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The molecular epidemiology of CVA16 in China between 1999 and 2008 reflects a pattern of endemic cocirculation of clusters B1a and B1b within subgenotype B1 viruses. The annual evolution rate of CVA16 was estimated as approximately 0.91 × 10−2 substitutions per synonymous nucleotide/year and is slightly lower than that of HEV71.
Coxsackievirus A16 (CVA16) and human enterovirus 71 (HEV71) are the two major causative agents of hand, foot, and mouth disease (HFMD) (12, 17). In recent years, numerous large outbreaks of HEV71-associated HFMD, which were often accompanied by severe complications, including death, increased research interest in HEV71 strains (1, 14, 16). In contrast, little interest was paid to CVA16 strains because CVA16-associated HFMD was usually mild and benign (2, 12). Although CVA16 is genetically most closely related to HEV71, the genetic diversity and molecular evolution of CVA16, unlike those of HEV71, have not been fully described (5, 7, 12, 13). Cocirculation of CVA16 and HEV71 has been proven to have contributed to the serious outbreaks of HFMD that have occurred in China since 2007 (17); therefore, the genetic variability and the evolution of CVA16 were determined in this study.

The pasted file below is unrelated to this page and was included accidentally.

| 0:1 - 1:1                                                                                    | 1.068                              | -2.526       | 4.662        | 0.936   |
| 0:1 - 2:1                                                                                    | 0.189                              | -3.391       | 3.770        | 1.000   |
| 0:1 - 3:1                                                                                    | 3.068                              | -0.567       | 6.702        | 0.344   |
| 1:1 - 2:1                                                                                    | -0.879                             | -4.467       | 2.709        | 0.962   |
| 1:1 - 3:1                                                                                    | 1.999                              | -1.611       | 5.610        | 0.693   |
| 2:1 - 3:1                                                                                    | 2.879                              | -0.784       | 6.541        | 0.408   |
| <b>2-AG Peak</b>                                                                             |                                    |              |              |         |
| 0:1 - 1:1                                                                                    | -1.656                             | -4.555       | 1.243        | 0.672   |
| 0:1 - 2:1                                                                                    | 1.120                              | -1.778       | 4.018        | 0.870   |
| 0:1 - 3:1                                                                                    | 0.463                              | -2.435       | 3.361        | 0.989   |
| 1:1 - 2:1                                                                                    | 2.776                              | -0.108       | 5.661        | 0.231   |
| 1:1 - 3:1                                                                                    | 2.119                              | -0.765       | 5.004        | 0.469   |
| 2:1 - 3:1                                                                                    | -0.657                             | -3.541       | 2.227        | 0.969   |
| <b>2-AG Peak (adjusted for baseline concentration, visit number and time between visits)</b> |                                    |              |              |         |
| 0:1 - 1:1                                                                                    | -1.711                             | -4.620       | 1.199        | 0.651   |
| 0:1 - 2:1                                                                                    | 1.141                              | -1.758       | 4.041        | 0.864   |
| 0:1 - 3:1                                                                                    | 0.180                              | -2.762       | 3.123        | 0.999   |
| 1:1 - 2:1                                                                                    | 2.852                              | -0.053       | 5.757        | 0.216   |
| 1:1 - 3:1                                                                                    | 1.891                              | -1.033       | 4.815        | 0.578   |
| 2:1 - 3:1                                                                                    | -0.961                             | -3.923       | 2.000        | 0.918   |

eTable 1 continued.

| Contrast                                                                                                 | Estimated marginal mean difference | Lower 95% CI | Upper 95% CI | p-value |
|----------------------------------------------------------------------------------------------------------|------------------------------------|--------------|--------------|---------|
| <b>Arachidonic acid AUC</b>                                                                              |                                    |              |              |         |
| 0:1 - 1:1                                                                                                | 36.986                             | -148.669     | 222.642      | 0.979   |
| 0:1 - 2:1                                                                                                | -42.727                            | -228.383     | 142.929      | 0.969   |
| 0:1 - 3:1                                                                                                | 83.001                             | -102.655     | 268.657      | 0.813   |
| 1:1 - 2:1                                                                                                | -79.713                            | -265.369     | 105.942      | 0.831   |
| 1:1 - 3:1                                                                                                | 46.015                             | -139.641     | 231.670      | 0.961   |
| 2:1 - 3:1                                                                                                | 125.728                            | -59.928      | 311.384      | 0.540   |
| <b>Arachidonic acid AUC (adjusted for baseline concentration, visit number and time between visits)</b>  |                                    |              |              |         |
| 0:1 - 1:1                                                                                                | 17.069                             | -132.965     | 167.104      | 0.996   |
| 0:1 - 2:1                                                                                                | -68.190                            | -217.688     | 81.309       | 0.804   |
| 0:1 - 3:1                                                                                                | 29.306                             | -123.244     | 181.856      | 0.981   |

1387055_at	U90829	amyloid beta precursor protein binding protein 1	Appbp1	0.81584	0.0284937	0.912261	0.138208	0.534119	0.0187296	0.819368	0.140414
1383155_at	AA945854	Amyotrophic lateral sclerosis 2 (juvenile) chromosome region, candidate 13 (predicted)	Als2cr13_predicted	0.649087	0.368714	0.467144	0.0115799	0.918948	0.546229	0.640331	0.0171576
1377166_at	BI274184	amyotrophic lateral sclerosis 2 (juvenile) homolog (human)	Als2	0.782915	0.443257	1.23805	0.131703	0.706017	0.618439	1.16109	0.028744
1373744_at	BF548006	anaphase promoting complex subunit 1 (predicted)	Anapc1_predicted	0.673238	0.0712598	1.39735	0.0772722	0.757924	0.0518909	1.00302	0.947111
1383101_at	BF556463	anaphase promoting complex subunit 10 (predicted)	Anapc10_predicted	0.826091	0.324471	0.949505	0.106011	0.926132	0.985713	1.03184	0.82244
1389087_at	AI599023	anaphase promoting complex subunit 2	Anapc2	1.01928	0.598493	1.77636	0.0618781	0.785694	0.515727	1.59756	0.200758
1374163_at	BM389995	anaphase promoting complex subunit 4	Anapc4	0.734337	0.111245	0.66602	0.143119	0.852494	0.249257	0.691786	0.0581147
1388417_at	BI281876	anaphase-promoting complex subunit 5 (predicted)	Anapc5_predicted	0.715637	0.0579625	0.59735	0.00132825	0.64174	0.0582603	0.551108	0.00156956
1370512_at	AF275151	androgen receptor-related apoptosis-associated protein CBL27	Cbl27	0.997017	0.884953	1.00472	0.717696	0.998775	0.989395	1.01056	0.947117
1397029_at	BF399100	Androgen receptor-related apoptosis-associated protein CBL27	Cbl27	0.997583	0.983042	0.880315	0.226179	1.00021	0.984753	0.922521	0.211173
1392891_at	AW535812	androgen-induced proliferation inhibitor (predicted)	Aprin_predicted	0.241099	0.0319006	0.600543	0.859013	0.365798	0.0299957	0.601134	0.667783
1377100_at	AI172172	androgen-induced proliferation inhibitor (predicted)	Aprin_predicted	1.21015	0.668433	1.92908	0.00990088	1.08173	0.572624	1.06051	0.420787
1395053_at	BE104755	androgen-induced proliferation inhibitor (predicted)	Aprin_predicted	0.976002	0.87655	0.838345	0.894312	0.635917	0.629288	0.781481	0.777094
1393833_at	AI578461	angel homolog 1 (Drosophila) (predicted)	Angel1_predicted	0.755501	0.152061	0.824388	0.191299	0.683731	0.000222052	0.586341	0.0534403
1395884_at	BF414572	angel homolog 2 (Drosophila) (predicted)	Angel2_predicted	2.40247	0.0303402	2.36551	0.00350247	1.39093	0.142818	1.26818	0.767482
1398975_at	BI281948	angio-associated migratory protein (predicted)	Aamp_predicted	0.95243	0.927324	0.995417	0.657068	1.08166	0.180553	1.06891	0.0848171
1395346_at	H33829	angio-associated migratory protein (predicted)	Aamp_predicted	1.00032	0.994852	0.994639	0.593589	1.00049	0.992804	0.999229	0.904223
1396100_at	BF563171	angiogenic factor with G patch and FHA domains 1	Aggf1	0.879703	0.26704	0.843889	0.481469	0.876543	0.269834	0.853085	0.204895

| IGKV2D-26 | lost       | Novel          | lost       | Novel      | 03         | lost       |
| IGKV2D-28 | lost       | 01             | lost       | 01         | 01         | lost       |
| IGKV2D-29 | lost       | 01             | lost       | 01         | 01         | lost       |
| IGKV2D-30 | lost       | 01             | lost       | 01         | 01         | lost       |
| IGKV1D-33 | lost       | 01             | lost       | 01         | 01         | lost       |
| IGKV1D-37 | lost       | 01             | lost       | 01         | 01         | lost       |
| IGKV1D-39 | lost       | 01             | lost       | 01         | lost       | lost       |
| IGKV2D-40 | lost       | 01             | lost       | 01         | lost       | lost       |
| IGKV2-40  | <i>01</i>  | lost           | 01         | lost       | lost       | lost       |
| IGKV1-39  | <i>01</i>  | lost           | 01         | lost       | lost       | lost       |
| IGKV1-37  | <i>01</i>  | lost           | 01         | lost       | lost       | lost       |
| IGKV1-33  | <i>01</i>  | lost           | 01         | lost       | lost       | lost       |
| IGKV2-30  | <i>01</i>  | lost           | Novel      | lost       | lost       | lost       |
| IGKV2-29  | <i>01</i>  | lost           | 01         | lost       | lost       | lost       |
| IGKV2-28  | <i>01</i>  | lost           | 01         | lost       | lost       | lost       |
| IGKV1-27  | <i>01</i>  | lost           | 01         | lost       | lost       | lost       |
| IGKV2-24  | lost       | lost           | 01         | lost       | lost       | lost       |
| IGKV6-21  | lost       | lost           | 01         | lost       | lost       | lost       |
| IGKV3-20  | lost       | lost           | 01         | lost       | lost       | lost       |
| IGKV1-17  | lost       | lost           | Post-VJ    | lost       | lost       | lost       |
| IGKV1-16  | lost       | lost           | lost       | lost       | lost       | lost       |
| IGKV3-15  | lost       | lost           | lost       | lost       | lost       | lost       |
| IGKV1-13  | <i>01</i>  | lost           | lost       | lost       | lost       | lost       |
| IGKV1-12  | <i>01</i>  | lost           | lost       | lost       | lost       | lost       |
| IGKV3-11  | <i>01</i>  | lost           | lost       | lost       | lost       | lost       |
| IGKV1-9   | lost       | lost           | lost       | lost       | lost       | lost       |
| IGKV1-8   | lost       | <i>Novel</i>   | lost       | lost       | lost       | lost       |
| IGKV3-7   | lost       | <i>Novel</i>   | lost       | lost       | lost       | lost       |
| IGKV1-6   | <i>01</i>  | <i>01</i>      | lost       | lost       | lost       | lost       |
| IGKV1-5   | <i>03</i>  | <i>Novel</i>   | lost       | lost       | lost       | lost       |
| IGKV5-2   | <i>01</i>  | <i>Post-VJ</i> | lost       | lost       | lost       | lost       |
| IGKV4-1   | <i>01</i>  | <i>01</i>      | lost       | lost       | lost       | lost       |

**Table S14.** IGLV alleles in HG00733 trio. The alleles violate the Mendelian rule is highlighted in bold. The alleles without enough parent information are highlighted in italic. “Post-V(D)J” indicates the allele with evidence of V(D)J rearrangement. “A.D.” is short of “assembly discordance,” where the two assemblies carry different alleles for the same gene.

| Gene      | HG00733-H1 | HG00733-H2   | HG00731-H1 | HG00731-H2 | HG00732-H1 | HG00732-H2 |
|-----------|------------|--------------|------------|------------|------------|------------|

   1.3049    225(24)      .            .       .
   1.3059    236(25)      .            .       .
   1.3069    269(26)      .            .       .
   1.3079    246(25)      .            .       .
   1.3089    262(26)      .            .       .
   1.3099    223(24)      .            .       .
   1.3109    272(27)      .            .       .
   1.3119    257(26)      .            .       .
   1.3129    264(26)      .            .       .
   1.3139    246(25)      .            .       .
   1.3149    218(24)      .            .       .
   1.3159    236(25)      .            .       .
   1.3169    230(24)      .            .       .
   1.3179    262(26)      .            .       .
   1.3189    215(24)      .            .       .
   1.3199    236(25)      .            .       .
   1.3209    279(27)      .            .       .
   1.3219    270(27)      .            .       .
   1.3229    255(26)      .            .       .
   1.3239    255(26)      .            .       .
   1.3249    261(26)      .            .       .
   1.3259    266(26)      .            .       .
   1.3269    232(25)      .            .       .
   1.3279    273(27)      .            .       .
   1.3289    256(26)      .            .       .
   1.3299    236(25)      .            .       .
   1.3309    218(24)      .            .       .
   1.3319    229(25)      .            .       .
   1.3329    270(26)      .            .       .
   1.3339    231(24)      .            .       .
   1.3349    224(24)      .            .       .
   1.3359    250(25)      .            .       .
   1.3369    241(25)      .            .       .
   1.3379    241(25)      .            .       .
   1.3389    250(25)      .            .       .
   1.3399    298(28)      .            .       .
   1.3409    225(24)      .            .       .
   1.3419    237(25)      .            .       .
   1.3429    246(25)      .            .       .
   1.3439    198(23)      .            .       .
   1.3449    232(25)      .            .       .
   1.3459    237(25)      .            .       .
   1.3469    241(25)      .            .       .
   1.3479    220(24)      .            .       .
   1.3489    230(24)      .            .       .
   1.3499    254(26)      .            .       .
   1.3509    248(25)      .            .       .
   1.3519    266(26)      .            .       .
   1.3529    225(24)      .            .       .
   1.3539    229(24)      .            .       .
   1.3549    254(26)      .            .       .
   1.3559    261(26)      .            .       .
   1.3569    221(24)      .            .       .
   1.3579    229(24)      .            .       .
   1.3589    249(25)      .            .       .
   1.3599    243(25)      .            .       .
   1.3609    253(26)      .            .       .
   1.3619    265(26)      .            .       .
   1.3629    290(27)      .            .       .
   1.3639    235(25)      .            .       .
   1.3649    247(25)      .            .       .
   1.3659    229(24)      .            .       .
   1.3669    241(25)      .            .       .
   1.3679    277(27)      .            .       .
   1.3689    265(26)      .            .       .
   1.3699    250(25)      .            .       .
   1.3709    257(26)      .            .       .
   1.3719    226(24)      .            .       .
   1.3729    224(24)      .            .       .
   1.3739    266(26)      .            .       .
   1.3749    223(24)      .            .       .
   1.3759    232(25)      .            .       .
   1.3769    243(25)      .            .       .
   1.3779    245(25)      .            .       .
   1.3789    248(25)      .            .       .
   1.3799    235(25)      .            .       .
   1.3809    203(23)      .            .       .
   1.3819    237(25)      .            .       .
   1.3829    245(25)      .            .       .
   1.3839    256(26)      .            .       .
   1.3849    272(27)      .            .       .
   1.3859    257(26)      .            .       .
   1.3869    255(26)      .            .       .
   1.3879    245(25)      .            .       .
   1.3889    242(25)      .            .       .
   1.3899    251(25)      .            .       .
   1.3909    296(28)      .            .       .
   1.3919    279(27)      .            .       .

The 42 CVA16 strains evaluated in this study were isolated from HFMD patients from different geographical locations in the Shandong, Gansu, Inner Mongolia, and Qinghai provinces of China between 2007 and 2008 (see supplemental data). To investigate the molecular epidemiology of CVA16 in mainland China, 24 additional Chinese CVA16 sequences found in Beijing and Guangdong provinces between 1999 and 2005 and 35 international CVA16 sequences (obtained from the GenBank database) were also analyzed.
The complete VP1/capsid sequences of the CVA16 strains were obtained as previously described, using in-house primers that flanked the VP1 region (13, 17): CVA16-VP1-S, 5′-ATTGGTGCTCCCACTACAGC-3′ (nucleotides 2335 to 2354, relative to strain CVA16/G-10), and CVA16-VP1-A, 5′-GCTGTCCTCCCACACAAGAT-3′ (nucleotides 3426 to 3445, relative to strain CVA16/G-10).
A total of 66 Chinese CVA16 sequences were divided into three lineages on the basis of phylogenetic analysis (Fig. (Fig.1).1). A 6.5 to 8.1% nucleotide divergence was found among these three lineages, suggesting that the CVA16-associated HFMD outbreaks in China were a result of the coincident circulation of three genetically distinct viruses.
To determine the molecular epidemiology of Chinese CVA16 strains associated with HFMD epidemics, a phylogenetic dendrogram was constructed with 21 Chinese CVA16 sequences (randomly selected on the basis of their genetic relationships) that circulated during the period 1999-2008 in addition to the 35 international CVA16 sequences that represented two known genotypes (A and B) (13) (Fig. (Fig.22).